Yes getting to where I am now was not an easy road. I started off as an Gaffer/electrician and just bugged the hell out of every Cinematographer that I ever worked for. Picking there brains on how to light and why they were shooting the way they were. I had some great teachers and I worked my ass off. I used to work almost 7 days a week for years, taking as many jobs as I could. Then I started shooting shorts for NYU and Columbia University Grad students. I would take the money that I had earned as a gaffer and put into getting good cameras and lights for the shorts that I shot. I had some small measure of success with a few of the shorts and that got me into the Cinematography program at AFI. So I left NYC and headed out west to go to Grad school. Once I graduated I shot a lot of very small films making next to nothing until I got a break with a good script called Adam. it won some stuff at festivals and then better scripts started coming my way.
Did you have anyone in particular in your life who helped give you that “first break?” Are there any mentors who helped show you the ropes?
I was lucky to have a handful of mentors when I first started out. Gaffers that I worked for and DP’s that took the time to explain their approach and philosophy about filmmaking to me. I am grateful for the folks that pushed me so hard that I understood that you can never give up, even at the 14th hour when you can’t even keep your eyes open let alone construct a scene that the editor will be able to shape into a performance.
Is there any project in particular you are proud of? Like if you had to pick, what three films would you say you’re the most proud of and why?
I would say that I am proudest of the film that I did with my AFI alums "The Well". We had a very small crew and an even smaller budget but we made it work. We were a crew of about 12 people out in the desert making a small film that we all believed in. The other films that I am proud of are the films that I made with actor/director Josh Radnor. He is an amazing person and such a fun guy to make movies with. Also have to give a nod to Adam because that was kind of my breakout film. Again we made that for something like $750,000 and all I had was a handful of lights and very little time but it went on to much success.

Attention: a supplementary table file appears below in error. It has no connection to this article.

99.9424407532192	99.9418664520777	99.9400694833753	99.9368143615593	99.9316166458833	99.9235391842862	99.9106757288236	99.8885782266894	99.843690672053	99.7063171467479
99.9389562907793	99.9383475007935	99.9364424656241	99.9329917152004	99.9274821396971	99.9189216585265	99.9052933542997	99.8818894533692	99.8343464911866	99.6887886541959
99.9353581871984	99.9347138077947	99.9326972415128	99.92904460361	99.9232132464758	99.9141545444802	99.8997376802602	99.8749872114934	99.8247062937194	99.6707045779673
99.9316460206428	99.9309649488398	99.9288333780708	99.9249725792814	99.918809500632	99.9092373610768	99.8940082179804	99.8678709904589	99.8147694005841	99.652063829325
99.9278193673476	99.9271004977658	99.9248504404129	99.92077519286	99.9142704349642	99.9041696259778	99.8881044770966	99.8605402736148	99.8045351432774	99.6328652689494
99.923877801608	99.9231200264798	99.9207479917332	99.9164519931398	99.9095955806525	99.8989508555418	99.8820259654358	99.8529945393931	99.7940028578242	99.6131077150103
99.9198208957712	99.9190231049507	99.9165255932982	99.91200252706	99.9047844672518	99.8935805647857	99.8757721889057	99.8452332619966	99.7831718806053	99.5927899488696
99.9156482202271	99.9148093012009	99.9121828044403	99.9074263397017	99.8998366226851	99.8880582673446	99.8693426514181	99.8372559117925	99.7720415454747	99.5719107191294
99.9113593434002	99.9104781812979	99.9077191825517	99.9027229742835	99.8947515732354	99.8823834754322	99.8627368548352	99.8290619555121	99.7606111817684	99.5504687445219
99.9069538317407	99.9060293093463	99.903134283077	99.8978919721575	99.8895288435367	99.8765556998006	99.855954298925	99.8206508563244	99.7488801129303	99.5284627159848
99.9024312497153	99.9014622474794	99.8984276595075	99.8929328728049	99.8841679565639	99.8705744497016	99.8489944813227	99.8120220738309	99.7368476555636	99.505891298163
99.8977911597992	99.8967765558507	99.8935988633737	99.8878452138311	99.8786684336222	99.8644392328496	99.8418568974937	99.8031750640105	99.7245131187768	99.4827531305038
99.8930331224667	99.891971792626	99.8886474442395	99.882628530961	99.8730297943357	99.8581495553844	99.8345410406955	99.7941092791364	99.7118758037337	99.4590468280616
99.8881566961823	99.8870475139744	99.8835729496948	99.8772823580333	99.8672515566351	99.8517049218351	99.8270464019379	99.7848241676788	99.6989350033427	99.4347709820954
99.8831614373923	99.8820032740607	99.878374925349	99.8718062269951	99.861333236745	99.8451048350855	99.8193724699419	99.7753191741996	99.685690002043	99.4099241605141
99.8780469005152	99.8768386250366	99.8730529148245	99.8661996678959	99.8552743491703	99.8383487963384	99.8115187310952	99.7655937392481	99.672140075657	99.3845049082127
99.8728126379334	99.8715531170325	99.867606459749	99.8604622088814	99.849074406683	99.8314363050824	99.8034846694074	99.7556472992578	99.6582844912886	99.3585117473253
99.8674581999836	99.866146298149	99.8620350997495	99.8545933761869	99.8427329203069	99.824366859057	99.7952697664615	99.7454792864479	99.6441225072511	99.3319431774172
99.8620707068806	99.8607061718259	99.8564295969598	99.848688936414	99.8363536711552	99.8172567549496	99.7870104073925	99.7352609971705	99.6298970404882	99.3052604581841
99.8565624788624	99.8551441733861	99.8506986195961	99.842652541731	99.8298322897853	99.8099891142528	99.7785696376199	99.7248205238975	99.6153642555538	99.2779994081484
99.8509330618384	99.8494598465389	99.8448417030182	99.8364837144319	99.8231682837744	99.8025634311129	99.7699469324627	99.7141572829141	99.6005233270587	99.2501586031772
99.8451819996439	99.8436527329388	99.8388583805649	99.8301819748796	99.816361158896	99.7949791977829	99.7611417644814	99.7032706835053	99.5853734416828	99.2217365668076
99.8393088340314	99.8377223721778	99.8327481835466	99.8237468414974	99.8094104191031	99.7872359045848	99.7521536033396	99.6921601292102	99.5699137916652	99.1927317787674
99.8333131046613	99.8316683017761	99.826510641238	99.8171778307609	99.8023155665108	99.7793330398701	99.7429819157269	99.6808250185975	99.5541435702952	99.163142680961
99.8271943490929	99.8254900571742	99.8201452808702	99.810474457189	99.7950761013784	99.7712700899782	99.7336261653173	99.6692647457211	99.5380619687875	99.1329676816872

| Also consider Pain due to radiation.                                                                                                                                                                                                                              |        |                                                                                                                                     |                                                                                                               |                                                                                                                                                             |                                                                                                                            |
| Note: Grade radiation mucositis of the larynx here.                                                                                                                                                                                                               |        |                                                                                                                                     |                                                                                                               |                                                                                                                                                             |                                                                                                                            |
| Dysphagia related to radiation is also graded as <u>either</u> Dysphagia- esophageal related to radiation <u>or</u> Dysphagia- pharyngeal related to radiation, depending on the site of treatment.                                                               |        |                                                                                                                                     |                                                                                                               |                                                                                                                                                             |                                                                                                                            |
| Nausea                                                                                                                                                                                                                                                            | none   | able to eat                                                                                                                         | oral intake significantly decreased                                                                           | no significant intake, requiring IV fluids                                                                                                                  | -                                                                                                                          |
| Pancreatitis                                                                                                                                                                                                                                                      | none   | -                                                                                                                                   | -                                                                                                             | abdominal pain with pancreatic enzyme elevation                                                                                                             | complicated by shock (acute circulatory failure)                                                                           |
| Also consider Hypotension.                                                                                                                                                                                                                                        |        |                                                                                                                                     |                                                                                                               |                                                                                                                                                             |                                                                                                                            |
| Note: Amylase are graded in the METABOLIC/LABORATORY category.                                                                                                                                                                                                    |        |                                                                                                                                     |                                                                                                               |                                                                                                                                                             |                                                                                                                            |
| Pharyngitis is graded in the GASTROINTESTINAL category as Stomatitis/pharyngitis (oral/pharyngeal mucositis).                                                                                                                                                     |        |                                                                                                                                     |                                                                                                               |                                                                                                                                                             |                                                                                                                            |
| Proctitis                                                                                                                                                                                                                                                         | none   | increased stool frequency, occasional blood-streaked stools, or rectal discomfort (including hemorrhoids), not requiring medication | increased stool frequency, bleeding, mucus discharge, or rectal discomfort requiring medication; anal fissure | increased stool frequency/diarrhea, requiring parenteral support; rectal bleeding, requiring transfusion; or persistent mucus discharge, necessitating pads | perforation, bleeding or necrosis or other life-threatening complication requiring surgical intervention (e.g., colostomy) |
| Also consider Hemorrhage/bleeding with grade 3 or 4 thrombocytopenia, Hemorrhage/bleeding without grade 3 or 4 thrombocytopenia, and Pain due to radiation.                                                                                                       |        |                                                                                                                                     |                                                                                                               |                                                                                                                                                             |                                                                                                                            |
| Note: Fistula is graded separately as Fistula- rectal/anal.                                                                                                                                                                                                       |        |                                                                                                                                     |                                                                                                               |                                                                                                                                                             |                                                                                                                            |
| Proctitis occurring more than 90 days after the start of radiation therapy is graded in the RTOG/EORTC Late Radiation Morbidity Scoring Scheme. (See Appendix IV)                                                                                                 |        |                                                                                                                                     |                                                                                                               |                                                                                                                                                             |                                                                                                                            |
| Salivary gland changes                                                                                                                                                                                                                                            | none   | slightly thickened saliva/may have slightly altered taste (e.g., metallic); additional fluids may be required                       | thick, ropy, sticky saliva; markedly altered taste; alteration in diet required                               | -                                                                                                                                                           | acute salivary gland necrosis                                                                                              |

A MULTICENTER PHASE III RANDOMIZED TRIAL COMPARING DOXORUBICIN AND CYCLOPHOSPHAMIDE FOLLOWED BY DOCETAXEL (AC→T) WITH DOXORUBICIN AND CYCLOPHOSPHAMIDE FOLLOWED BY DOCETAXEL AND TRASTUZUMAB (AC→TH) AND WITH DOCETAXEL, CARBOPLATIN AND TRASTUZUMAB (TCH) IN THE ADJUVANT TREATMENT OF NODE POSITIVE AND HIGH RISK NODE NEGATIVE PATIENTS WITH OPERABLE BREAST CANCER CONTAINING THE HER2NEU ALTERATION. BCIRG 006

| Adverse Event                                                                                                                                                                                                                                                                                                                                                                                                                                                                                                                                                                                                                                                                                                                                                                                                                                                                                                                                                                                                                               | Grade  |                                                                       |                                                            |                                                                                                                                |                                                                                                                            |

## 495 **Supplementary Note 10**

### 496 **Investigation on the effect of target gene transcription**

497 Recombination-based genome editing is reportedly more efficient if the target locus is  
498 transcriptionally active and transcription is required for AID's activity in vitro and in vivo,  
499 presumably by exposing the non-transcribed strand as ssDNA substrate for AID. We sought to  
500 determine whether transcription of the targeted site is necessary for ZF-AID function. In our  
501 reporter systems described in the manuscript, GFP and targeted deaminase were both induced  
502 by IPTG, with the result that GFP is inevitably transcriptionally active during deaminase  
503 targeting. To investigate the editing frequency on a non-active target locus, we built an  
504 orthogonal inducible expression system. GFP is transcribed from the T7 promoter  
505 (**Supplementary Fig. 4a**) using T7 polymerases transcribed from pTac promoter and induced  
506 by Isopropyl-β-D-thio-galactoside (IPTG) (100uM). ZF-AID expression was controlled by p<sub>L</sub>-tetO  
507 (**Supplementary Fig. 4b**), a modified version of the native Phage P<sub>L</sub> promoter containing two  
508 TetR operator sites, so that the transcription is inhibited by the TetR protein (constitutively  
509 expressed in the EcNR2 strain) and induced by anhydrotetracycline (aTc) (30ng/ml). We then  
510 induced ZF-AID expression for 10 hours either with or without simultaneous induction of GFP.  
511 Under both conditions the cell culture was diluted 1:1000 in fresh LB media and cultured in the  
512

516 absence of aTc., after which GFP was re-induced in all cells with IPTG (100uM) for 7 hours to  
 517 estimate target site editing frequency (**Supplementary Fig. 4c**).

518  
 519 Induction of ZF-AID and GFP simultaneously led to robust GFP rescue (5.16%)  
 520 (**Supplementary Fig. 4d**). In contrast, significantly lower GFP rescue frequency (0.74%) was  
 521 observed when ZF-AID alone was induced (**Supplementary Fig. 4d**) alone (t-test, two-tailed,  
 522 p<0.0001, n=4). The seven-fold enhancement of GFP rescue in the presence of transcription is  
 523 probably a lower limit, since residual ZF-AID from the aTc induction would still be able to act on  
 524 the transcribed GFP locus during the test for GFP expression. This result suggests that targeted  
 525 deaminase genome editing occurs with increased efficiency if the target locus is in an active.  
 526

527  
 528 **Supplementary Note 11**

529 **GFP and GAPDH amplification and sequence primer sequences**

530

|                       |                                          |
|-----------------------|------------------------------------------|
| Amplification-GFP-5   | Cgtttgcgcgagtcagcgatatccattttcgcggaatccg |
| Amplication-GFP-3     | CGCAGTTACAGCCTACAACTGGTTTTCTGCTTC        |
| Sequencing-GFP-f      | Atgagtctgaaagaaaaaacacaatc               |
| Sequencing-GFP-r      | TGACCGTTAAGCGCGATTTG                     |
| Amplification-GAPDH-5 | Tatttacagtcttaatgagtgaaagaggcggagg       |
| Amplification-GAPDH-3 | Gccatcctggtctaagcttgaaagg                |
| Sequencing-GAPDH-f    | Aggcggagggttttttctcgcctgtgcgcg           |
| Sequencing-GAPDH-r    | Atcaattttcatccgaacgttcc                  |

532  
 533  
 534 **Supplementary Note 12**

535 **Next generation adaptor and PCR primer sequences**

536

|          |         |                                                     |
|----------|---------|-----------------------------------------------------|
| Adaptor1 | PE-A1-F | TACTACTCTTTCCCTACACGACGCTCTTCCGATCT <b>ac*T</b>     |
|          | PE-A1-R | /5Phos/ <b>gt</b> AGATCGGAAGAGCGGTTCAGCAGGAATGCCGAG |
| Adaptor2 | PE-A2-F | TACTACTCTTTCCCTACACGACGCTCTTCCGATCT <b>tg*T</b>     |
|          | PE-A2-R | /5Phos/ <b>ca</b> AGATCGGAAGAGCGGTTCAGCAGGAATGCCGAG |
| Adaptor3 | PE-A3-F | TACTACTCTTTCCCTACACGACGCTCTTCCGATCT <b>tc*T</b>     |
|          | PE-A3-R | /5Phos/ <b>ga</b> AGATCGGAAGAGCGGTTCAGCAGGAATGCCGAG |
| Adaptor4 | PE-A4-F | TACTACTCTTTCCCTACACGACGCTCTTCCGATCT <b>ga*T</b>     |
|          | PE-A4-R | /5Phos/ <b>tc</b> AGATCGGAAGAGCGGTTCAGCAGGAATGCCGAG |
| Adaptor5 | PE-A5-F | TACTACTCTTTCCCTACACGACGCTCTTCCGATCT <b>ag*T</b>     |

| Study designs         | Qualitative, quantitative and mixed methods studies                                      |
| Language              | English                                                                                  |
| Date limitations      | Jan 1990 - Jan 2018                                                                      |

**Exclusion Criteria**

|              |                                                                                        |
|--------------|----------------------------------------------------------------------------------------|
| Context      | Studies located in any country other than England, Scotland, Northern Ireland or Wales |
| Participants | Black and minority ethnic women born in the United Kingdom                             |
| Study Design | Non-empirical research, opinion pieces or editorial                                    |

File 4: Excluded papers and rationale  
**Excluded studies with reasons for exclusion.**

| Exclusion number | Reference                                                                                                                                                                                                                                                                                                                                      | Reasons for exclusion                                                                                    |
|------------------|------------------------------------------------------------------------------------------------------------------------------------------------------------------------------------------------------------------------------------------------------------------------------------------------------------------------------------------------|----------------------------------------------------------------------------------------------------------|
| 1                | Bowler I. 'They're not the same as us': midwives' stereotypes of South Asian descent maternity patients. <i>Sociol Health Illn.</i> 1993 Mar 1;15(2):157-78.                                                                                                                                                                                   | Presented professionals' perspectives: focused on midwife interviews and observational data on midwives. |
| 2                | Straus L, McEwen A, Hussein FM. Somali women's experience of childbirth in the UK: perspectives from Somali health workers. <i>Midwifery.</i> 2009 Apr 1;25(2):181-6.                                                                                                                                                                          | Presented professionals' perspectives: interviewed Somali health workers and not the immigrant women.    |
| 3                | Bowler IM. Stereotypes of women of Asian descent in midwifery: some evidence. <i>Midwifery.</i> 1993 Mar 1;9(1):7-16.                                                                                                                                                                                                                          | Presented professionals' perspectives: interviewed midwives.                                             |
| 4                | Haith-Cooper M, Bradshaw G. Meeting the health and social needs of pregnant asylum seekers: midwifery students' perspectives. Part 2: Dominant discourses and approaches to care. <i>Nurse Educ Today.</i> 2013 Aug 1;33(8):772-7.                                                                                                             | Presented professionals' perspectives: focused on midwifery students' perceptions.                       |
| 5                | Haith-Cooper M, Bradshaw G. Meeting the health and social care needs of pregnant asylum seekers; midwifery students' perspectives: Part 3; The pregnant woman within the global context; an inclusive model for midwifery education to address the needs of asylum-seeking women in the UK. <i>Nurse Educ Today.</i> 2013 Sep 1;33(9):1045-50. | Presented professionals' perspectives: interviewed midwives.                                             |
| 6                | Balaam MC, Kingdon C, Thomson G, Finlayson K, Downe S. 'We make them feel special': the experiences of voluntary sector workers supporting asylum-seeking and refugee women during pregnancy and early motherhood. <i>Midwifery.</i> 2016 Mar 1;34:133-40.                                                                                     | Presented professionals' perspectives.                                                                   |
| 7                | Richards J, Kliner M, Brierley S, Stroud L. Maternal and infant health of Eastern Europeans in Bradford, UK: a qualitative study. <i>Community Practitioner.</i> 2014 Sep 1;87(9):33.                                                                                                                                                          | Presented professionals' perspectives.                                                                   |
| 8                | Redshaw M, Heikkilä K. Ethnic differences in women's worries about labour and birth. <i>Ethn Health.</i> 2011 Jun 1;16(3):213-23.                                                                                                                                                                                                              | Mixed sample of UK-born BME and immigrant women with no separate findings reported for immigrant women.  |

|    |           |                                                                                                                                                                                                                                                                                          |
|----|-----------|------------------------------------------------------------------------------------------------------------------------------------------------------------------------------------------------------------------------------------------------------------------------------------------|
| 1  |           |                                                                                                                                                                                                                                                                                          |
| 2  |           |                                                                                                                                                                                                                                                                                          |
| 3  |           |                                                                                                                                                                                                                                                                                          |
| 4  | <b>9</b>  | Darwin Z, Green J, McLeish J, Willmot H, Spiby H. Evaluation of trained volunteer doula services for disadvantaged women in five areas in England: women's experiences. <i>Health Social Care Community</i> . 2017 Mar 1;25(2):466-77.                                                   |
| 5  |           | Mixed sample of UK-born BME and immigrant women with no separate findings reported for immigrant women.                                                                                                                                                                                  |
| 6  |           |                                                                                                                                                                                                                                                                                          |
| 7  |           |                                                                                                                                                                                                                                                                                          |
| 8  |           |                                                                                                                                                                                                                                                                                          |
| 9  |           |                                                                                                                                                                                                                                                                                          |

Is there a shot/sequence/set that you can point to and say, “It’s that way because I was there and had it of been anyone else, it would have been different.” Not necessarily good or bad, but possibly something a lot of us movie fans would have seen and can find a little more appreciation out of.
Well there was a scene in a film that I shot called “In A World” that comes to mind. It is a scene that takes place between 2 of the main characters sitting in a Sauna. I had grand ideas for that scene, thinking wow this could be my, “Eastern Promises” sequence, however when the production designer came to me an told me: Séamus I can only afford to give you a one and 1/2 walled set, I was a bit heartbroken. We had to stick up fake tile in an old abandoned building that we were using as another location, box the whole thing in with grip gear and fill it with a fog machine. It was hot as hell, (which I guess was the point), and try to make it work. But the Director and I got creative and came up with 2 nice racking angles and lit it with one light right over the actors, and it turned out to be one of my favorite scenes in the film. That may be because the 2 actors are so good and Fred Melamed is so darn hairy and Ken Marino is so “on” in everything that he does, but I also think that its because we made something out of not a lot!!!!!